- 40% of customers began purchasing from a competitive brand because of its reputation for good customer service
- 55% of customers are willing to recommend a company due to outstanding service, more so than product or price
- 85% of customers would pay up to 25% more to ensure a superior customer service experience
Bad experiences push customers away
- 82% of customers have stopped doing business with a company due to a bad experience
- 95% of customers have taken action as a result of a bad experience
- 79% have told others about their bad experience
Solis notes that technology tweaking is not experience architecture. He clarifies what a good customer experience is not: it's not: a campaign, a click path, a feature set, a tagline, packaging, or use of colors on a page. Good customer experience is implicit and explicit design, conveyance, reinforcement, and shaping of meaningful and shareable experiences - all day, every day.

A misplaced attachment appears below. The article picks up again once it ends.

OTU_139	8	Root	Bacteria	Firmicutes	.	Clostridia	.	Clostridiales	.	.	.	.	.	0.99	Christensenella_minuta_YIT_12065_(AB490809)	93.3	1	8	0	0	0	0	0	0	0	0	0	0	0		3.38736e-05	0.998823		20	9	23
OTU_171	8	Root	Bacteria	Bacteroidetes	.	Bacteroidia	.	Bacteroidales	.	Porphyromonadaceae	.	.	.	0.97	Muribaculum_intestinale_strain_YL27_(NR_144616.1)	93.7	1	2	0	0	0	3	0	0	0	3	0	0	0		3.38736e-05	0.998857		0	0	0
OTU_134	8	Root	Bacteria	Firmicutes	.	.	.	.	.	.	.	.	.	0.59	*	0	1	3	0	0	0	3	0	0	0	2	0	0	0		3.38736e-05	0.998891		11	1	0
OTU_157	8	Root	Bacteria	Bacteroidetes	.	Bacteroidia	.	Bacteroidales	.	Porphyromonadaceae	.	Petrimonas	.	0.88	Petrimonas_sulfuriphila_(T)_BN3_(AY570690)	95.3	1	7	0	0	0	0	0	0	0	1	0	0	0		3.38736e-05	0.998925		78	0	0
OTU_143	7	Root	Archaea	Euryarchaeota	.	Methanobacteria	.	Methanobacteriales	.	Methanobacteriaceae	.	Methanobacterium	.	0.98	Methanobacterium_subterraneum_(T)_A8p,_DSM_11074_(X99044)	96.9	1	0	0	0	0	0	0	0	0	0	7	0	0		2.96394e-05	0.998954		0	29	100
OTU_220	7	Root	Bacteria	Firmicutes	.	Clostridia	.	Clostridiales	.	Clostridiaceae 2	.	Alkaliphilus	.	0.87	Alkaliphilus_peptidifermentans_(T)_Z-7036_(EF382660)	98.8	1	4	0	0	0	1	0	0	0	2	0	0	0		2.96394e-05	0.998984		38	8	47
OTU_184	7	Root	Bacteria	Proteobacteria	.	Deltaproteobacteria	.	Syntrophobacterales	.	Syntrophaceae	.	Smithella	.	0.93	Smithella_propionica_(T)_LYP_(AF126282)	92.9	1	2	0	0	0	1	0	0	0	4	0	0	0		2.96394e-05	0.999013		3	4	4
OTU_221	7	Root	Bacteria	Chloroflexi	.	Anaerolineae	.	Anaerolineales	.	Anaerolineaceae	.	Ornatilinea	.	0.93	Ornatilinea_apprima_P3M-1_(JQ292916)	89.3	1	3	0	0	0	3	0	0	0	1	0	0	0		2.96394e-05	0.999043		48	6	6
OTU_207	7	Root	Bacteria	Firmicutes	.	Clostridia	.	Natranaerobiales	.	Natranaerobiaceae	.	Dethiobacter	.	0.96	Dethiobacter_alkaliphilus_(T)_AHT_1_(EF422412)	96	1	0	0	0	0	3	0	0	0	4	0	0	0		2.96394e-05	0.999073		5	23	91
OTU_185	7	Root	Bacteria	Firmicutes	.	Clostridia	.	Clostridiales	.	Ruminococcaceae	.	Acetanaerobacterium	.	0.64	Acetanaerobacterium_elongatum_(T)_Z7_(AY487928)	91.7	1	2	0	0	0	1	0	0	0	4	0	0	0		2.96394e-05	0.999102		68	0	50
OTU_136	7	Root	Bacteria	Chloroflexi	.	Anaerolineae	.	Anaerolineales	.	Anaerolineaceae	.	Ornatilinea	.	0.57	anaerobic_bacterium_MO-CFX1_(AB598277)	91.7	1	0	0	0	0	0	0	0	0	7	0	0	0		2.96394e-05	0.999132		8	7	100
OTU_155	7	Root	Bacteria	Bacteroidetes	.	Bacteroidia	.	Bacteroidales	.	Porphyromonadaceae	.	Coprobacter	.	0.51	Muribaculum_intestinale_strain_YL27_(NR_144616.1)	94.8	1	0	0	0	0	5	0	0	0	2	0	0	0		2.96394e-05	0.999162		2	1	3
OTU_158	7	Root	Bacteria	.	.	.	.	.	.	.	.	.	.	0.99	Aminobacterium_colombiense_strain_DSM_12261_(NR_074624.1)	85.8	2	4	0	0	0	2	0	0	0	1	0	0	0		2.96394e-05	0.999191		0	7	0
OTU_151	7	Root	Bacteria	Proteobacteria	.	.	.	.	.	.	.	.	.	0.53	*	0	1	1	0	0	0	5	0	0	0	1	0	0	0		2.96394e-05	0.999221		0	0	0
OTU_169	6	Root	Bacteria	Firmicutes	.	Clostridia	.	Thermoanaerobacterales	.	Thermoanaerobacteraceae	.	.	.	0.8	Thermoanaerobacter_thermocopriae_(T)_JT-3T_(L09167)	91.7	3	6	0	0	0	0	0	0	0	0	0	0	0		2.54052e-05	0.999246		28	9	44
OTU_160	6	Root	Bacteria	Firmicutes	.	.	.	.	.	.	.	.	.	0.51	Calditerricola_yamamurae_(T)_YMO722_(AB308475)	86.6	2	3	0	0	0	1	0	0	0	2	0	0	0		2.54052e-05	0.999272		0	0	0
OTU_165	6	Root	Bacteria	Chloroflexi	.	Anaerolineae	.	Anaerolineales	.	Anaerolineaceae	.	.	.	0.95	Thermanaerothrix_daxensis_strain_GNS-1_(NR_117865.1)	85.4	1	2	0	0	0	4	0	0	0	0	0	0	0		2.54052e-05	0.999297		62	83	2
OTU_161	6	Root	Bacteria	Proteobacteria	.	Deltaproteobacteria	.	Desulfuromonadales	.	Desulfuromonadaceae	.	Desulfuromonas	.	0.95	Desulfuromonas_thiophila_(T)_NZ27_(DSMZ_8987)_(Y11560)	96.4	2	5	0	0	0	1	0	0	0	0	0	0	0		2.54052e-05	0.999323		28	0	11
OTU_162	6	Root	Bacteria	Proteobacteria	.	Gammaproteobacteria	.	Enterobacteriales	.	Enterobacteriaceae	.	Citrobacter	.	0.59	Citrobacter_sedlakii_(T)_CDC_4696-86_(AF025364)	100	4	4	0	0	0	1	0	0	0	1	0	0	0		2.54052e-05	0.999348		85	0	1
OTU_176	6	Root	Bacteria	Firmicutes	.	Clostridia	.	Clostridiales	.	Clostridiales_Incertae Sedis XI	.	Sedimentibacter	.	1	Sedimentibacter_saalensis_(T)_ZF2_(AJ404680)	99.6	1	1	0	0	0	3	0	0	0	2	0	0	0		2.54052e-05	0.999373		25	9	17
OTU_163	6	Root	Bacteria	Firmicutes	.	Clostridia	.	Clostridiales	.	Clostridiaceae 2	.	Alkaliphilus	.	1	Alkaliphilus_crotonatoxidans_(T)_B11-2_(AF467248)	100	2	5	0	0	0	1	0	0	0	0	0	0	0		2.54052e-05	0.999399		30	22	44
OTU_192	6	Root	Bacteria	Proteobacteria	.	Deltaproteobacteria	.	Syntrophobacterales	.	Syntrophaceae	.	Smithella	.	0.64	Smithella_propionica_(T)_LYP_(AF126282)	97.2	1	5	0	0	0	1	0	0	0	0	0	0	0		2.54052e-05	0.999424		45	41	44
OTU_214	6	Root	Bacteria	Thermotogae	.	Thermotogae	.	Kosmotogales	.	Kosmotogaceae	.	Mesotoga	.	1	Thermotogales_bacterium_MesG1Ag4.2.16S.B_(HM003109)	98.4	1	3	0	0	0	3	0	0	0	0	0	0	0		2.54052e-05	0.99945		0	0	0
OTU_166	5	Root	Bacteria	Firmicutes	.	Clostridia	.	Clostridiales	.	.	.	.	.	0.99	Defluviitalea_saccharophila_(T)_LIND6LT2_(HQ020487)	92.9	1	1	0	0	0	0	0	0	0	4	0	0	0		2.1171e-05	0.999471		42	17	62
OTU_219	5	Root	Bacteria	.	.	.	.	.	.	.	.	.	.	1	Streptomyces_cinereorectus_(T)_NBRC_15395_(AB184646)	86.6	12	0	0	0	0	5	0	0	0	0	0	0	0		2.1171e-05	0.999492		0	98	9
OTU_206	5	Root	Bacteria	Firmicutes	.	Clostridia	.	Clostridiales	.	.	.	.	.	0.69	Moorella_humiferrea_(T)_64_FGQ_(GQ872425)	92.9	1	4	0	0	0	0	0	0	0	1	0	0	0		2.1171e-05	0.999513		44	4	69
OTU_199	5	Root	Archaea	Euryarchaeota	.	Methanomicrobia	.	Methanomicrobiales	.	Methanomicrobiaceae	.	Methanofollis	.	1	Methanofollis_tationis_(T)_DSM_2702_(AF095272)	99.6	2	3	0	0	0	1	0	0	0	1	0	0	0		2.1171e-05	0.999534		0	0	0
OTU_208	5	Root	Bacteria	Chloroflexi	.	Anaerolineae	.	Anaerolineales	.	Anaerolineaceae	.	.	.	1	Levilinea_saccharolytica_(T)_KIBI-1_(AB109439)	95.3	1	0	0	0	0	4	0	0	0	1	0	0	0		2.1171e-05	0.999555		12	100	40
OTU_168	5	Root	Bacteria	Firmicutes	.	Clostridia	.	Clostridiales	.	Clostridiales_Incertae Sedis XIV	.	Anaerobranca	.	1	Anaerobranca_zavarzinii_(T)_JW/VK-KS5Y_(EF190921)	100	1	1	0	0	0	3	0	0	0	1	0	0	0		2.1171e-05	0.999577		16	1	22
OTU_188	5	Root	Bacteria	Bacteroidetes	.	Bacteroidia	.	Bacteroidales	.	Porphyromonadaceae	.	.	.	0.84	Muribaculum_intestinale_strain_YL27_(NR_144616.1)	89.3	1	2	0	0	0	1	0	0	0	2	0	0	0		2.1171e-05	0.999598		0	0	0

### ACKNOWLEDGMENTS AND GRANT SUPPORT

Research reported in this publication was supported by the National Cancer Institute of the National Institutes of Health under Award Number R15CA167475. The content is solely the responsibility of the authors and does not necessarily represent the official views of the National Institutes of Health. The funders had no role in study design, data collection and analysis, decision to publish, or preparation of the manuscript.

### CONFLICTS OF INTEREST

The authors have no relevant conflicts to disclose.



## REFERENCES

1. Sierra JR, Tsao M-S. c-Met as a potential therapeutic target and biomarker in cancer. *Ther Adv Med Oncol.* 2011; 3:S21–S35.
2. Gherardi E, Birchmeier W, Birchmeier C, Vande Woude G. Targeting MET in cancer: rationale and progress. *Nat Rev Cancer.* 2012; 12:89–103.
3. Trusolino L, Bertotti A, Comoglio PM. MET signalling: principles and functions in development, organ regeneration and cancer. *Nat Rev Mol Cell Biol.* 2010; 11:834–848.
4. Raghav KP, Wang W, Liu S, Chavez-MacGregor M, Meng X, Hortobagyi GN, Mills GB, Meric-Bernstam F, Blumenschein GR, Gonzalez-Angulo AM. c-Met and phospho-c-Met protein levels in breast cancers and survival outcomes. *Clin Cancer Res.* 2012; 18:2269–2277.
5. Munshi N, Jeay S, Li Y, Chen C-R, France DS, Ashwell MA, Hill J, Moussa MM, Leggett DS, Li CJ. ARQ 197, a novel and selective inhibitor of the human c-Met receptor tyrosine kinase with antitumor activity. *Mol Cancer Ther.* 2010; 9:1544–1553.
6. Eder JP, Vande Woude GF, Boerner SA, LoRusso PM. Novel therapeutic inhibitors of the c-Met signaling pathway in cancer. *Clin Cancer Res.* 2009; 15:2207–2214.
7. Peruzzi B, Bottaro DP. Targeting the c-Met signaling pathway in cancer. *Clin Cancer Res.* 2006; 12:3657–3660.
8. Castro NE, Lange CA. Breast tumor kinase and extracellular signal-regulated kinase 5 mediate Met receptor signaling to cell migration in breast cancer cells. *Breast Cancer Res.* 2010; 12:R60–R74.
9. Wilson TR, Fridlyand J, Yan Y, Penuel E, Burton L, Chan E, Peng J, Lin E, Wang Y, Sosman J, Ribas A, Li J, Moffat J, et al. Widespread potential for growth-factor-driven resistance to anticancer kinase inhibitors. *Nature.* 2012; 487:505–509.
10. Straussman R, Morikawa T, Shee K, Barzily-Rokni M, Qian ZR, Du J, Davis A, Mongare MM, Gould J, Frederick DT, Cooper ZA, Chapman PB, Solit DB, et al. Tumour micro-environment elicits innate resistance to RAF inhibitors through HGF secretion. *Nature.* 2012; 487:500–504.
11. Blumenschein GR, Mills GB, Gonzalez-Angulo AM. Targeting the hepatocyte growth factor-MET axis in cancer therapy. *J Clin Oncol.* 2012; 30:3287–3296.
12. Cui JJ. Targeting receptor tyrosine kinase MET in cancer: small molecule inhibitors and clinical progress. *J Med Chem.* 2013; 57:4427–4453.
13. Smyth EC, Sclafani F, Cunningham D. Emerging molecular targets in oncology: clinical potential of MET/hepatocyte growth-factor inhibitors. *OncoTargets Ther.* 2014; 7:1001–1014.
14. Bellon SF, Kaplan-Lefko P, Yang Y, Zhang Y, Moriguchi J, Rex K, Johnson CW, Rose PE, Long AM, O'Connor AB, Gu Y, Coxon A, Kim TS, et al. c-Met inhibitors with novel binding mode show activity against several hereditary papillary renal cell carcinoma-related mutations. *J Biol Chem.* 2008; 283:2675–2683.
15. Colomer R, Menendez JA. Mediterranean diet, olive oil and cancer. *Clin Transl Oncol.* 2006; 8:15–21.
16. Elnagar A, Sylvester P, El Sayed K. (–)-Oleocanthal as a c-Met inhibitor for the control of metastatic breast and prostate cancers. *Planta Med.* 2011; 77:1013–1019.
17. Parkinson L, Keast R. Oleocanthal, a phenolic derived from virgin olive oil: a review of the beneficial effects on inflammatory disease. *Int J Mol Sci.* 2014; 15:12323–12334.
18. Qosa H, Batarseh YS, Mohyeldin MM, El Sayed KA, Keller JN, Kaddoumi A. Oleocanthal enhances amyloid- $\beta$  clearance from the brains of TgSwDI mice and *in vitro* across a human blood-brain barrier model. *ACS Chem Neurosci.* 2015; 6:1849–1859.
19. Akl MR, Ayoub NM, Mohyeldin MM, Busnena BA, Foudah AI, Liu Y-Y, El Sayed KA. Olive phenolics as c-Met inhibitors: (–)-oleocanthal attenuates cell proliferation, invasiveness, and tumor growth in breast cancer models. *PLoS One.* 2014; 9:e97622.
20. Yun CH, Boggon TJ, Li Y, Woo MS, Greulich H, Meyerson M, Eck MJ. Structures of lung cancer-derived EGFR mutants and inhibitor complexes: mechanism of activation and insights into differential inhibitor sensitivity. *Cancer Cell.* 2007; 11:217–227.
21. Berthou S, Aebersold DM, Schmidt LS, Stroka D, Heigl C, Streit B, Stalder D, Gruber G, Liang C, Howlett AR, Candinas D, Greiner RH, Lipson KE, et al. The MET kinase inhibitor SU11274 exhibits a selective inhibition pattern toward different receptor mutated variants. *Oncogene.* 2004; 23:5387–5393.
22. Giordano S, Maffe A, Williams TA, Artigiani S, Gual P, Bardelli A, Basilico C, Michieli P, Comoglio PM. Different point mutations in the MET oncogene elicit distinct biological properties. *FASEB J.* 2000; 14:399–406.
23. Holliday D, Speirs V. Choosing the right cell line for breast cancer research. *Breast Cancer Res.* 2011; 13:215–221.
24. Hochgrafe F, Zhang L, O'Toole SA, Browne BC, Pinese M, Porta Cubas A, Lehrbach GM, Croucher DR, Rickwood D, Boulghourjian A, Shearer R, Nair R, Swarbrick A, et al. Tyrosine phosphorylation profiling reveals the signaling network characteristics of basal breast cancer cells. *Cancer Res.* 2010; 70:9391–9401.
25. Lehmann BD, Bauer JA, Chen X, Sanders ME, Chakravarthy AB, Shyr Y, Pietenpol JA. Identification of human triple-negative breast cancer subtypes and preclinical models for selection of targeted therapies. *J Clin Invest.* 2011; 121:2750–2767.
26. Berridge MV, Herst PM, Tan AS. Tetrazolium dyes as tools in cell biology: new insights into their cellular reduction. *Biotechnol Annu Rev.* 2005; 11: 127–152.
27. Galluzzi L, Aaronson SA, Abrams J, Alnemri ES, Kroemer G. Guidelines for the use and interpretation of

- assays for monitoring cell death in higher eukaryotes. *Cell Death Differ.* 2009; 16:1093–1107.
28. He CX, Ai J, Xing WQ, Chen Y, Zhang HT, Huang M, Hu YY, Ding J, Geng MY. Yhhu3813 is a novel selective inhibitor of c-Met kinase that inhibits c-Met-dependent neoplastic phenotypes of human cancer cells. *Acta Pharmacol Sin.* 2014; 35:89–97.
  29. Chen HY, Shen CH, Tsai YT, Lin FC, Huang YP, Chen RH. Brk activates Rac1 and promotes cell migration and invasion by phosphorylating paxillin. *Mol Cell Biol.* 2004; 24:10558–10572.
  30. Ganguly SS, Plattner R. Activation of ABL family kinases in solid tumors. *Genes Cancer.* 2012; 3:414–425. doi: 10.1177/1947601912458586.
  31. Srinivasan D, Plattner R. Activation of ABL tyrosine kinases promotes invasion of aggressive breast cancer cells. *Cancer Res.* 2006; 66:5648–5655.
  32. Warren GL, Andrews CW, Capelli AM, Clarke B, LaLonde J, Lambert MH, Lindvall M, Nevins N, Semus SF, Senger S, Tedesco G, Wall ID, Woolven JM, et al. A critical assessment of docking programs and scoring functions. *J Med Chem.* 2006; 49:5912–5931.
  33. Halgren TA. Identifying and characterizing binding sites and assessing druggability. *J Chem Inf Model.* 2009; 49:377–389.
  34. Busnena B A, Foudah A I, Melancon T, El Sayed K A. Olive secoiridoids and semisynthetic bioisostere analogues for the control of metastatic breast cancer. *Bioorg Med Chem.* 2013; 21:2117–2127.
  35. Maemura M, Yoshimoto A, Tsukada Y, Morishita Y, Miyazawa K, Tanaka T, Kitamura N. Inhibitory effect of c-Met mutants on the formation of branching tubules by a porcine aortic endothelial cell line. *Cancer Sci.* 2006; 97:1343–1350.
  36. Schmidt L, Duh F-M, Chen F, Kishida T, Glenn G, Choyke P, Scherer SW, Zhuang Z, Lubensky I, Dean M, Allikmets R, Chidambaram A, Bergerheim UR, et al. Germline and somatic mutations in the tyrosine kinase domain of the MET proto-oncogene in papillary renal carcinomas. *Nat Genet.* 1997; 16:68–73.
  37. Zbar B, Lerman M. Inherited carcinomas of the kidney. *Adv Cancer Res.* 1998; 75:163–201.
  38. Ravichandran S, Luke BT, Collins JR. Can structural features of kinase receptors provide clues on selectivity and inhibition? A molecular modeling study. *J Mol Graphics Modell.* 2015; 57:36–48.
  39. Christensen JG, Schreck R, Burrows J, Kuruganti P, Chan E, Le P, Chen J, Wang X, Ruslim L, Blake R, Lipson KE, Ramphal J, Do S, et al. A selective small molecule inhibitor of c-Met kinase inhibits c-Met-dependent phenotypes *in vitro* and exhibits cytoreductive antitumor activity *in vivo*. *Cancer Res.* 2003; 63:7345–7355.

Solis strongly emphasis the mobile revolution by noting that 2 billion plus consumers are online and only 28% prefer to resolve service issues via the phone. The point where business meets design is where you create incredible experiences that are:
- Intuitive to the user, the device, and the screen
- Contextually relevant to the consumers in their state of mind and intention on whatever screen they're using in that moment.
Solis defines a fresh approach to architect design principles into your business models will require:
- In our ethos